EAST: Some counties received another 6-7 inches of rain during the weekend and many river bottom pastures remained under water. Even on higher ground, field conditions in some counties are not conducive for cutting and baling hay. In other counties, conditions dried enough to allow producers to harvest hay for the first time in six weeks. Efforts are still under way to secure federal disaster assistance for individual and public losses. Yields were high where hay could be harvested. Moths were seen on hayfields and pastures. Pastures were growing well. Vegetables and watermelons were still being harvested. Some Extension agents received calls about turf grass and ornamental plant diseases. Livestock are looking good.

FAR WEST: Soil moisture ranged from very short to surplus, and crops and pasture conditions ranged from very poor to excellent. Corn was rated as very poor to good; cotton, very poor to excellent with boll setting in progress. Peanuts were in fair to excellent condition; sorghum, good to excellent. Grasslands were rapidly drying up and in need of rain. The watermelon harvest proceeded well.

WEST CENTRAL: Temperatures were in the mid to upper 80s, with scattered light showers reported. Moisture conditions continue to be good to excellent. All crops seem to be doing very well. Some cotton fields, however, were flooded and might have to be replanted. Many hay fields were being cut and baled with very good yields reported. Some wheat harvesting was completed. Range and pasture conditions were good. Livestock remained in good to excellent condition. Internal parasites continued to be a major problem for sheep and goat producers. Pecans looked good, though some growers reported powdery mildew and scab.

CENTRAL: As temperatures returned to normal, the hay harvest went into full swing. Pastures and hay fields looked great. Livestock were in good shape. Corn was drying down and generally looked good. Though corn ears may be a little on the small side, the quality appeared to be high.

SOUTHEAST: Heavy rains delayed hay harvests, but pastures were in excellent condition, and stock ponds and lakes were filled to capacity. During the last four weeks, there were only five or six consecutive days without rain, which delayed field crop harvests and reduced quality. What little milo that was harvested yielded 5,500 to 6,000 pounds per acre. Sorghum did not grade well because of wet weather and grain sprouting. Early planted rice will be ready soon for harvest if weather holds. Cotton and soybeans were fair, but standing moisture in fields created problems in some counties. The excessive rainfall has destroyed the corn crop in some counties. Aquatic weeds such as sedges are taking over native pastures and nutrient-starved improved Bermuda grass pastures and hay meadows. Extension agents have not received reports of successful hay harvest for more than nine weeks.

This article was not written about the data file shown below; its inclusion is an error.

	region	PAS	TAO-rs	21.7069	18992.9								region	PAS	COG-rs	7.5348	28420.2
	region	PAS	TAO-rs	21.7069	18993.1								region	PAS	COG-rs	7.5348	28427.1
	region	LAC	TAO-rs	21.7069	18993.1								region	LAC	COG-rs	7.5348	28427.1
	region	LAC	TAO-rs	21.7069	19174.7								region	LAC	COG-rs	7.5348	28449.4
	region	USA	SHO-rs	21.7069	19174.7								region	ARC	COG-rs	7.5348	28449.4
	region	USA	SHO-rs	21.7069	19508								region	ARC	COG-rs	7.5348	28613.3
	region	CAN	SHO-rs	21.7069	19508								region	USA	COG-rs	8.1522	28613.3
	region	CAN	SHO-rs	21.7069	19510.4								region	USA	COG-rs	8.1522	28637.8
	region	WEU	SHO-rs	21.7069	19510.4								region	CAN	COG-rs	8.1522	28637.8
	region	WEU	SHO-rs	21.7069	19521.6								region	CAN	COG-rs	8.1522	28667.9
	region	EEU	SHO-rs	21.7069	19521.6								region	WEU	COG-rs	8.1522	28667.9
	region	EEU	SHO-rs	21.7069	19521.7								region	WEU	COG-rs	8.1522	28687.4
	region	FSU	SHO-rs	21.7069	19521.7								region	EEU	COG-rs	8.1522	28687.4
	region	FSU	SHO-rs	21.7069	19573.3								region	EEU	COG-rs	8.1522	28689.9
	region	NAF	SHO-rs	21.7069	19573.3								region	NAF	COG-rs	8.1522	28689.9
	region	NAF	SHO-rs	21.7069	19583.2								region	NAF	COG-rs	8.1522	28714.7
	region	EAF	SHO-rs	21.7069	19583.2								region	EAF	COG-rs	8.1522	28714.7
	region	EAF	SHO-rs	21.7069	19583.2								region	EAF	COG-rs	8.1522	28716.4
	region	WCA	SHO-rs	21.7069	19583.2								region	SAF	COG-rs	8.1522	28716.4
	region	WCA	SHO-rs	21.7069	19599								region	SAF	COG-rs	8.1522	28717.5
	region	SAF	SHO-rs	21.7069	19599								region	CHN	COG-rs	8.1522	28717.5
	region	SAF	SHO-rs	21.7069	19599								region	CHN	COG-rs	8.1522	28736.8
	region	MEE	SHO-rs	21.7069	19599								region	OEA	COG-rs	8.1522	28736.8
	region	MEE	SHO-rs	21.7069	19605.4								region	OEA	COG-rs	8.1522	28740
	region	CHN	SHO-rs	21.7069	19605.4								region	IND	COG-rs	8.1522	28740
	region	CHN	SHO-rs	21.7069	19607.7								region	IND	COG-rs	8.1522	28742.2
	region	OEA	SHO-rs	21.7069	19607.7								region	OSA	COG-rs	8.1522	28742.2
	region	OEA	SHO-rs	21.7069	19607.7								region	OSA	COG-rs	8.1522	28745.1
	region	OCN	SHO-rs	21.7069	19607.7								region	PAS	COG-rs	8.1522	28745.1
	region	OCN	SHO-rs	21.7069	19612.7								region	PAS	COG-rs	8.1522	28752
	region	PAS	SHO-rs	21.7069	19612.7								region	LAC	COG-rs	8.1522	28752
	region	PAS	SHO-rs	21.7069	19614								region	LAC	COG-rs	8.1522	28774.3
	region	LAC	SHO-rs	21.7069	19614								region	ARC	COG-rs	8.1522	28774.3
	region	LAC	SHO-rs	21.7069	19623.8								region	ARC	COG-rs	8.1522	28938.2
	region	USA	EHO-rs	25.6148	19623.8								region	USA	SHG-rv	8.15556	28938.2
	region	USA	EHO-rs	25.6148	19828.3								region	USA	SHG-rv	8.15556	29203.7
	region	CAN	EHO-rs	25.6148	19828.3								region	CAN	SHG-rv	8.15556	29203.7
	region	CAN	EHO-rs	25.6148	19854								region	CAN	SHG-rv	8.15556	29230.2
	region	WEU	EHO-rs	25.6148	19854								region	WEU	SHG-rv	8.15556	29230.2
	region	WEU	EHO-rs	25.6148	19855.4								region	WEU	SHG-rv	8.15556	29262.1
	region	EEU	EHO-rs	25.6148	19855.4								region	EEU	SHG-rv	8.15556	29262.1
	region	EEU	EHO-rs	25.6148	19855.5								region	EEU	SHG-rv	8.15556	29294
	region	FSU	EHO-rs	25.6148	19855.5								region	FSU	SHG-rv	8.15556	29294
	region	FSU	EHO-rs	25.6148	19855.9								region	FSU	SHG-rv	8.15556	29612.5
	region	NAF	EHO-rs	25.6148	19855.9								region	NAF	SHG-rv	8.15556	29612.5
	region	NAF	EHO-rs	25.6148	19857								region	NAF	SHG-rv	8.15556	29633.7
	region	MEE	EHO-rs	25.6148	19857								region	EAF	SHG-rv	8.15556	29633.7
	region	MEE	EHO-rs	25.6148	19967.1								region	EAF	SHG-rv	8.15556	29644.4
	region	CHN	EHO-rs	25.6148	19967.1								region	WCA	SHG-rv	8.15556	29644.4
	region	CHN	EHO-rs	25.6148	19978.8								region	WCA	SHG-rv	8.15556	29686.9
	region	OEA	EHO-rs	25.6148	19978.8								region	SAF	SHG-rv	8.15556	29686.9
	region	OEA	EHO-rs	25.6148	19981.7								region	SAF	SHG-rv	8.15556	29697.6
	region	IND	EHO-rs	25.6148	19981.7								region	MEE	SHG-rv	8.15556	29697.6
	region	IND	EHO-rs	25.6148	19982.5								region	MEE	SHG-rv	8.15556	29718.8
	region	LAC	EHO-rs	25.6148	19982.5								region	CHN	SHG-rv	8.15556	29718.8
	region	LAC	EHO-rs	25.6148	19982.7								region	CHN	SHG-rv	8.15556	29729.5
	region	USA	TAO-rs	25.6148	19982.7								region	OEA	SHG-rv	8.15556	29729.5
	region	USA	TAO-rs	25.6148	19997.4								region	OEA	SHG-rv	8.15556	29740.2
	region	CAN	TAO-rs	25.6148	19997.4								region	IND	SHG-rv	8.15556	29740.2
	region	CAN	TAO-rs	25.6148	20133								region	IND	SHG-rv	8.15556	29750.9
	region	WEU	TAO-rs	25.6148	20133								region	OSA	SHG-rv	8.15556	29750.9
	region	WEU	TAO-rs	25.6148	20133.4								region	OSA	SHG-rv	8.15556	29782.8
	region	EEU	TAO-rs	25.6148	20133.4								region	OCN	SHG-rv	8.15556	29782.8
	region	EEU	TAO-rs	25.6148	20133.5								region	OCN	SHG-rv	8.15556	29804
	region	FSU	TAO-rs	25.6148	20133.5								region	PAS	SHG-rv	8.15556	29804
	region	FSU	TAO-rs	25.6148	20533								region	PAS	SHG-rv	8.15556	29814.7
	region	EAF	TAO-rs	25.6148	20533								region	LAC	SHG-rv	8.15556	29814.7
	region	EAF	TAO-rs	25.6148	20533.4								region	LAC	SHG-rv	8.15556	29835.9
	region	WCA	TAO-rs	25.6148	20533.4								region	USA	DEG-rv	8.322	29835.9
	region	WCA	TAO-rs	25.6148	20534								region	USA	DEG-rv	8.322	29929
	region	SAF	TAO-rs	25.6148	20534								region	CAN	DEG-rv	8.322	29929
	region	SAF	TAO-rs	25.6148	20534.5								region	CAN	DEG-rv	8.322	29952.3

SOUTHWEST: Light to very heavy thunderstorms dropped from 2 inches to more than 17 inches of rain over the weekend, causing flooding and other problems. The year-to-date cumulative total rainfall is now about 130 percent of the long-term average. Cool weather helped crops progress, but the rain disrupted the corn and sorghum harvests. Some corn fields were saturated, causing farmers to fear mold development. Cotton made excellent progress. The watermelon harvest continued. The peach harvest reached its peak. Peanut planting finally ended, far behind schedule due to wet fields. Pecans made excellent progress with good yields expected. Forage availability is above average.

COASTAL BEND: Some grain sorghum was harvested as soils dried early in the week. Later, however, rainfall returned, and fields became saturated again. The rain also halted Hay harvest. Most sorghum fields have moderate to severe damage due to sprouting and weathering. Cotton is shedding bolls and squares, reducing yield potential. All crops are in need of sunshine and dry weather.

SOUTH: Soil conditions ranged from surplus in Cameron County to adequate in Hidalgo and Starr counties. Some parts of the region experienced flooding. Corn fields were saturated, and sorghum harvesting came to a standstill. Range conditions, however, continued to improve. Grain harvesting in the western part of the region was about 95 percent complete.